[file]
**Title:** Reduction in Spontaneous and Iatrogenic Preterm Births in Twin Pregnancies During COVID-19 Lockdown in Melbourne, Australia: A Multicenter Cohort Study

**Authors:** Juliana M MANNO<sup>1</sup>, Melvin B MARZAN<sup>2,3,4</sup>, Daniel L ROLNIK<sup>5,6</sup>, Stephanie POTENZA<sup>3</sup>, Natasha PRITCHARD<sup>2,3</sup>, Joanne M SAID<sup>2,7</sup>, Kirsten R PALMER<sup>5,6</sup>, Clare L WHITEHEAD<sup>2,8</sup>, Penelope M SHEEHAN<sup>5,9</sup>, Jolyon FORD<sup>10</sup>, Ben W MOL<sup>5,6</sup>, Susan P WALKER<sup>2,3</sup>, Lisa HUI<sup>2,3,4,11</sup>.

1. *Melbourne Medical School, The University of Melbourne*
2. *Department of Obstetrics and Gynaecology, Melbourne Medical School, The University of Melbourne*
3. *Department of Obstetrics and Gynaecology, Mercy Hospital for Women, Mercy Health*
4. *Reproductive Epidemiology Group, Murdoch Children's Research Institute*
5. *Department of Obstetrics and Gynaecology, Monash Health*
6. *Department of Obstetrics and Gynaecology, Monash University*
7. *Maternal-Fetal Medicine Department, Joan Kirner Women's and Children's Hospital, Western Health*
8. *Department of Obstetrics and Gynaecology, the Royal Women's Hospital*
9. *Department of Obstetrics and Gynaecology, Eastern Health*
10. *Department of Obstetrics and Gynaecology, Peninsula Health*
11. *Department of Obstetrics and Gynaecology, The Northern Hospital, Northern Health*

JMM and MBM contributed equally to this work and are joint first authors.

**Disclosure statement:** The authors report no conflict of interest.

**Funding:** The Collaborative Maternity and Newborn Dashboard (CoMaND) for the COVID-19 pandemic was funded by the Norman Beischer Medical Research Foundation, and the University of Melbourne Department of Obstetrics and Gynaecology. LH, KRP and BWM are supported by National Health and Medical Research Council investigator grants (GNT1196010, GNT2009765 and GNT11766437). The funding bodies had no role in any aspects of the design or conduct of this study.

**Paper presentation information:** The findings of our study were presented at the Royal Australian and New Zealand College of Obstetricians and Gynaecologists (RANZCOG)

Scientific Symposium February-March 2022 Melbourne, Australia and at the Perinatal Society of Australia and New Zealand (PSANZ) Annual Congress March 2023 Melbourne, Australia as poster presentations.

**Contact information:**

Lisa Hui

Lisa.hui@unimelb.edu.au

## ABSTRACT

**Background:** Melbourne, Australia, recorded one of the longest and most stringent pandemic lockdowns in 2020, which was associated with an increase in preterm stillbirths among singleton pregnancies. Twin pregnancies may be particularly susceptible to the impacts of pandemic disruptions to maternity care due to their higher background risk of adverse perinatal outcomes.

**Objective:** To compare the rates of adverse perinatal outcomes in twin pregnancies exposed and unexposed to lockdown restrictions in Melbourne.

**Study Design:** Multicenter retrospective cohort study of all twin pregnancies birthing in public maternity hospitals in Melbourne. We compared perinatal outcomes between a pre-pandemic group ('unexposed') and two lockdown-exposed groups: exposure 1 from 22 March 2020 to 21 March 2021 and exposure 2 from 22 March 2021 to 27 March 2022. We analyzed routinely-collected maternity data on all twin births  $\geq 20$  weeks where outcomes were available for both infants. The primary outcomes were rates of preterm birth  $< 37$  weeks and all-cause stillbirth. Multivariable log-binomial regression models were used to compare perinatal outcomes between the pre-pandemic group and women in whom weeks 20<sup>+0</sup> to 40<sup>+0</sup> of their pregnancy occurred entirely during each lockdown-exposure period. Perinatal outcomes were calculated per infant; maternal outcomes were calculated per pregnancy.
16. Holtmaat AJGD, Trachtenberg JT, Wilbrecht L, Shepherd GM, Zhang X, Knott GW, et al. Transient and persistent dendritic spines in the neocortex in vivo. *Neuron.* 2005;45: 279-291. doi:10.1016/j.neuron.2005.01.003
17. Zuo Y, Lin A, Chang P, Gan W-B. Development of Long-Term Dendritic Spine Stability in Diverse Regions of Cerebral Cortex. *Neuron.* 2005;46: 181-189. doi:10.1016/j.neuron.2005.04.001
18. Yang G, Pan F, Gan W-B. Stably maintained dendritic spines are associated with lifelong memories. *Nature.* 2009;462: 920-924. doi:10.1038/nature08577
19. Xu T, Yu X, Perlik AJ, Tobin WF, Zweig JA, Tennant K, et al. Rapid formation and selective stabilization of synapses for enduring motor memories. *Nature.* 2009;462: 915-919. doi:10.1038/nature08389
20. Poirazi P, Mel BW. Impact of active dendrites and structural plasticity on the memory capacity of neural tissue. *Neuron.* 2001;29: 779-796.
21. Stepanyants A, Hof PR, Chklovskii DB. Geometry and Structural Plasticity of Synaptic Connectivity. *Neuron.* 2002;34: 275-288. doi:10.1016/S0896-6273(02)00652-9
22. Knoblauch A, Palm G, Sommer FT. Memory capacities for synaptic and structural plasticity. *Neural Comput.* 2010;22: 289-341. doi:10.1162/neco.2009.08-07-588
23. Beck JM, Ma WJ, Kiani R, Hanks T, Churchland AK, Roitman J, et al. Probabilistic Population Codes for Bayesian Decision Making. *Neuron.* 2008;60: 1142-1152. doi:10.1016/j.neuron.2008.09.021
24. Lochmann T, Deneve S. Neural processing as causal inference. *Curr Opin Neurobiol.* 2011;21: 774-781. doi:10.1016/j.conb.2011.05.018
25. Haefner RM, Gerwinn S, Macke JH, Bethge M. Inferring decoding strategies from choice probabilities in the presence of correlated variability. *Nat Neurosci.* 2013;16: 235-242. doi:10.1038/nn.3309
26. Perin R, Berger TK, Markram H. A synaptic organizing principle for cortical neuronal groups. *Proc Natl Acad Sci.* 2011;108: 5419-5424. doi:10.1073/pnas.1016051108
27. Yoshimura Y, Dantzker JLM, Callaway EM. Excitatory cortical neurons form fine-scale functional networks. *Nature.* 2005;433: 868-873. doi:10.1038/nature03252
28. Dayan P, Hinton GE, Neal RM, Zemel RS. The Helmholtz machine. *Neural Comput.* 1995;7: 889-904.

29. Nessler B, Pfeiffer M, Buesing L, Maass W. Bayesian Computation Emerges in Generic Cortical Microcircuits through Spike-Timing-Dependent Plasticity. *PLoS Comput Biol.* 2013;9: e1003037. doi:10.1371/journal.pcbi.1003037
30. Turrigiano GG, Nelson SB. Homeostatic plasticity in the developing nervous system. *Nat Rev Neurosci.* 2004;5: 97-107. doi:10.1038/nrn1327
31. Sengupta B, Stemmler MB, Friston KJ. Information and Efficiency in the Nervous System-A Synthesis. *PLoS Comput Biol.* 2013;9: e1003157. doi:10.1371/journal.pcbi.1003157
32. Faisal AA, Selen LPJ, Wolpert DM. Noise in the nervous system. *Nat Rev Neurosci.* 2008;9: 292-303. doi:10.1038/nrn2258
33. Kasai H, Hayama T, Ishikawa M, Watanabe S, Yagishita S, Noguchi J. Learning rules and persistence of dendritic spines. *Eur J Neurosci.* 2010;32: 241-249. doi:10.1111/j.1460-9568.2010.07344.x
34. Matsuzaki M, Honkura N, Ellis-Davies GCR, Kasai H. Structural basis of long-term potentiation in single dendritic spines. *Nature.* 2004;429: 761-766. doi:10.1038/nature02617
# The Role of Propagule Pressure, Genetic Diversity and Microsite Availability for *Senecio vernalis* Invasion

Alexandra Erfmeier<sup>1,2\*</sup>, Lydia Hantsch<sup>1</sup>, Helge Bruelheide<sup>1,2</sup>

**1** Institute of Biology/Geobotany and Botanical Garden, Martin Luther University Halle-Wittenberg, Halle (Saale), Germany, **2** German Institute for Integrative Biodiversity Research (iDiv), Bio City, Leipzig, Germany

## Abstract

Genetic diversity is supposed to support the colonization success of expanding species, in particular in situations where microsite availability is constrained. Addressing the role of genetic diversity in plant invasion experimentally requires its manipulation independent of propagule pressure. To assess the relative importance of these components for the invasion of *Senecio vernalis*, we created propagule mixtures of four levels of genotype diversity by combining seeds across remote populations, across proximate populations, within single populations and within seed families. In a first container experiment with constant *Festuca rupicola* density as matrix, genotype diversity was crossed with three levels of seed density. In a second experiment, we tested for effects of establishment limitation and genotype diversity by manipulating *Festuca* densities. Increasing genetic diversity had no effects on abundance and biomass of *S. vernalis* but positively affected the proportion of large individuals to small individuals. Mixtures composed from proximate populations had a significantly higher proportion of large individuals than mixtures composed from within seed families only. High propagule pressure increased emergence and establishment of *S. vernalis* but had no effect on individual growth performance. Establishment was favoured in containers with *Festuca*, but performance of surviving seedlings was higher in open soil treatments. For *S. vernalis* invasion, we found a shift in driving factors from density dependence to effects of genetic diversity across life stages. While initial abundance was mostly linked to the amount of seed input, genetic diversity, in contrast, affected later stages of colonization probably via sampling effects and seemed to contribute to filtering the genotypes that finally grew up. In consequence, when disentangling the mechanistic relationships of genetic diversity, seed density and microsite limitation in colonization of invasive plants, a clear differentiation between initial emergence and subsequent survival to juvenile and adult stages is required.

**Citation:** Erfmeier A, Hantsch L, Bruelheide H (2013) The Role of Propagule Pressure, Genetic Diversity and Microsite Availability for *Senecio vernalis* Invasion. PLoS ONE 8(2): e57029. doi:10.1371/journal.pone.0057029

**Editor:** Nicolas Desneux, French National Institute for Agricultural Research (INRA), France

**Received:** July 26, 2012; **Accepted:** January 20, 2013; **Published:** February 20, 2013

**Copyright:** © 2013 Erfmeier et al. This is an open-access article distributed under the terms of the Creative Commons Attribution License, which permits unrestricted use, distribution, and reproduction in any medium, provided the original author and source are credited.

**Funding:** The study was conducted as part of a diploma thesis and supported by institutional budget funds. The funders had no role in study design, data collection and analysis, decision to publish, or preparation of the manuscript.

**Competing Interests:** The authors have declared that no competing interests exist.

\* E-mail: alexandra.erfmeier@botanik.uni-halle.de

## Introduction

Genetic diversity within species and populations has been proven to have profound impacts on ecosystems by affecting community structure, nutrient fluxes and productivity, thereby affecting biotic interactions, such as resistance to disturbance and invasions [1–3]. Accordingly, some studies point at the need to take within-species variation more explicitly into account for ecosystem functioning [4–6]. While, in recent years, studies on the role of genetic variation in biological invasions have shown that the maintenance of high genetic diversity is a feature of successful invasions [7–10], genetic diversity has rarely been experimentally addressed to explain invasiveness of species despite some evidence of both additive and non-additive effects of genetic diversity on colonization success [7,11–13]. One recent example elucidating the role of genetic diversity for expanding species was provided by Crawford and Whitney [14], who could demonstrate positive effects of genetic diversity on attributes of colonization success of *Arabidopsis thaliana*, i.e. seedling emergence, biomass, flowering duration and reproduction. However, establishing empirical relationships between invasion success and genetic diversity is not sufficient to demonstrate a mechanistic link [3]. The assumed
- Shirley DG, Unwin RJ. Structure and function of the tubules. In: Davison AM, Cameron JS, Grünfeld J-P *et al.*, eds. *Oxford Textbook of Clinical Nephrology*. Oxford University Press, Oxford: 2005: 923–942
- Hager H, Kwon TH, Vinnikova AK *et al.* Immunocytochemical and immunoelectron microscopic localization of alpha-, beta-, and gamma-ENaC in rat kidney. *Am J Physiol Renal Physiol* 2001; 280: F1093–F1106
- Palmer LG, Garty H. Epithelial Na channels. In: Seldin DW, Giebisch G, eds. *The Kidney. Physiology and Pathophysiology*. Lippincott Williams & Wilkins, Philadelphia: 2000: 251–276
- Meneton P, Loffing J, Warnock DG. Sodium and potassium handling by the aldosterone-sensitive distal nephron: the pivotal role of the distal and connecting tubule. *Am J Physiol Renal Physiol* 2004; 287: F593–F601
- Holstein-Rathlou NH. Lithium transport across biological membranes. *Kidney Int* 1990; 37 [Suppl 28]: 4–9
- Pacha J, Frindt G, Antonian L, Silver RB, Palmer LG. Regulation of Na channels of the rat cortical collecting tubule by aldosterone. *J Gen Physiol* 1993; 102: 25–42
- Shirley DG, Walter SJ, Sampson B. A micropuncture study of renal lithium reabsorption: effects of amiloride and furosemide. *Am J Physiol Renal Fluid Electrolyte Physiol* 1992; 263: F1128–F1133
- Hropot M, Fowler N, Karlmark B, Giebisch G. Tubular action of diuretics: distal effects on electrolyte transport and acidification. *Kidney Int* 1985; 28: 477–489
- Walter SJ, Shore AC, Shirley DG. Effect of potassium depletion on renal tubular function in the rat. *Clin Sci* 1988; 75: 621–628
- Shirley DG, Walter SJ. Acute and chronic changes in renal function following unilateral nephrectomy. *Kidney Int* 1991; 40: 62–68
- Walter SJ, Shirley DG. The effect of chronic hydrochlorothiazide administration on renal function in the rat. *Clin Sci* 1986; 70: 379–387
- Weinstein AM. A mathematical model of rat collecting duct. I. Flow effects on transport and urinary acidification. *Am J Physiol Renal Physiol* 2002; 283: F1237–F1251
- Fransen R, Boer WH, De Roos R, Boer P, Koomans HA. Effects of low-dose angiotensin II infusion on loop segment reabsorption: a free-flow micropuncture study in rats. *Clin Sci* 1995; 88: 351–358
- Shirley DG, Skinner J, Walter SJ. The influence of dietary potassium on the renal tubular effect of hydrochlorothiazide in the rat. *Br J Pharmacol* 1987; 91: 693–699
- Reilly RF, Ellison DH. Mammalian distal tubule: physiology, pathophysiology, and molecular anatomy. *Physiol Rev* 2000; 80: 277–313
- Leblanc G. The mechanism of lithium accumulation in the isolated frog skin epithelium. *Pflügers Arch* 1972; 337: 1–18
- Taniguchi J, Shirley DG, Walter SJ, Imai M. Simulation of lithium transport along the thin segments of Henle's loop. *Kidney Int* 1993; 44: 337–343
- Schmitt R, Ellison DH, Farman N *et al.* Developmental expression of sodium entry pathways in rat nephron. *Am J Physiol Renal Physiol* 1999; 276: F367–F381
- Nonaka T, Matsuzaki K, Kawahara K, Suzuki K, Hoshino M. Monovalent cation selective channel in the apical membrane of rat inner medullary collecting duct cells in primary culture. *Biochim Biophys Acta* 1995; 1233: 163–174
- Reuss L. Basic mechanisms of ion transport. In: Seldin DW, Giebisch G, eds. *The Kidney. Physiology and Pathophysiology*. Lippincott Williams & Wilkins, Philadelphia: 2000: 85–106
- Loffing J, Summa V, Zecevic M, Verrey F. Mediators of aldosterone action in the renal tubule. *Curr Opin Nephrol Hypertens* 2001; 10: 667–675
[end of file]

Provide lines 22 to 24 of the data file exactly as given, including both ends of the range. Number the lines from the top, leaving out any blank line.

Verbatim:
## ABSTRACT

**Background:** Melbourne, Australia, recorded one of the longest and most stringent pandemic lockdowns in 2020, which was associated with an increase in preterm stillbirths among singleton pregnancies. Twin pregnancies may be particularly susceptible to the impacts of pandemic disruptions to maternity care due to their higher background risk of adverse perinatal outcomes.

**Objective:** To compare the rates of adverse perinatal outcomes in twin pregnancies exposed and unexposed to lockdown restrictions in Melbourne.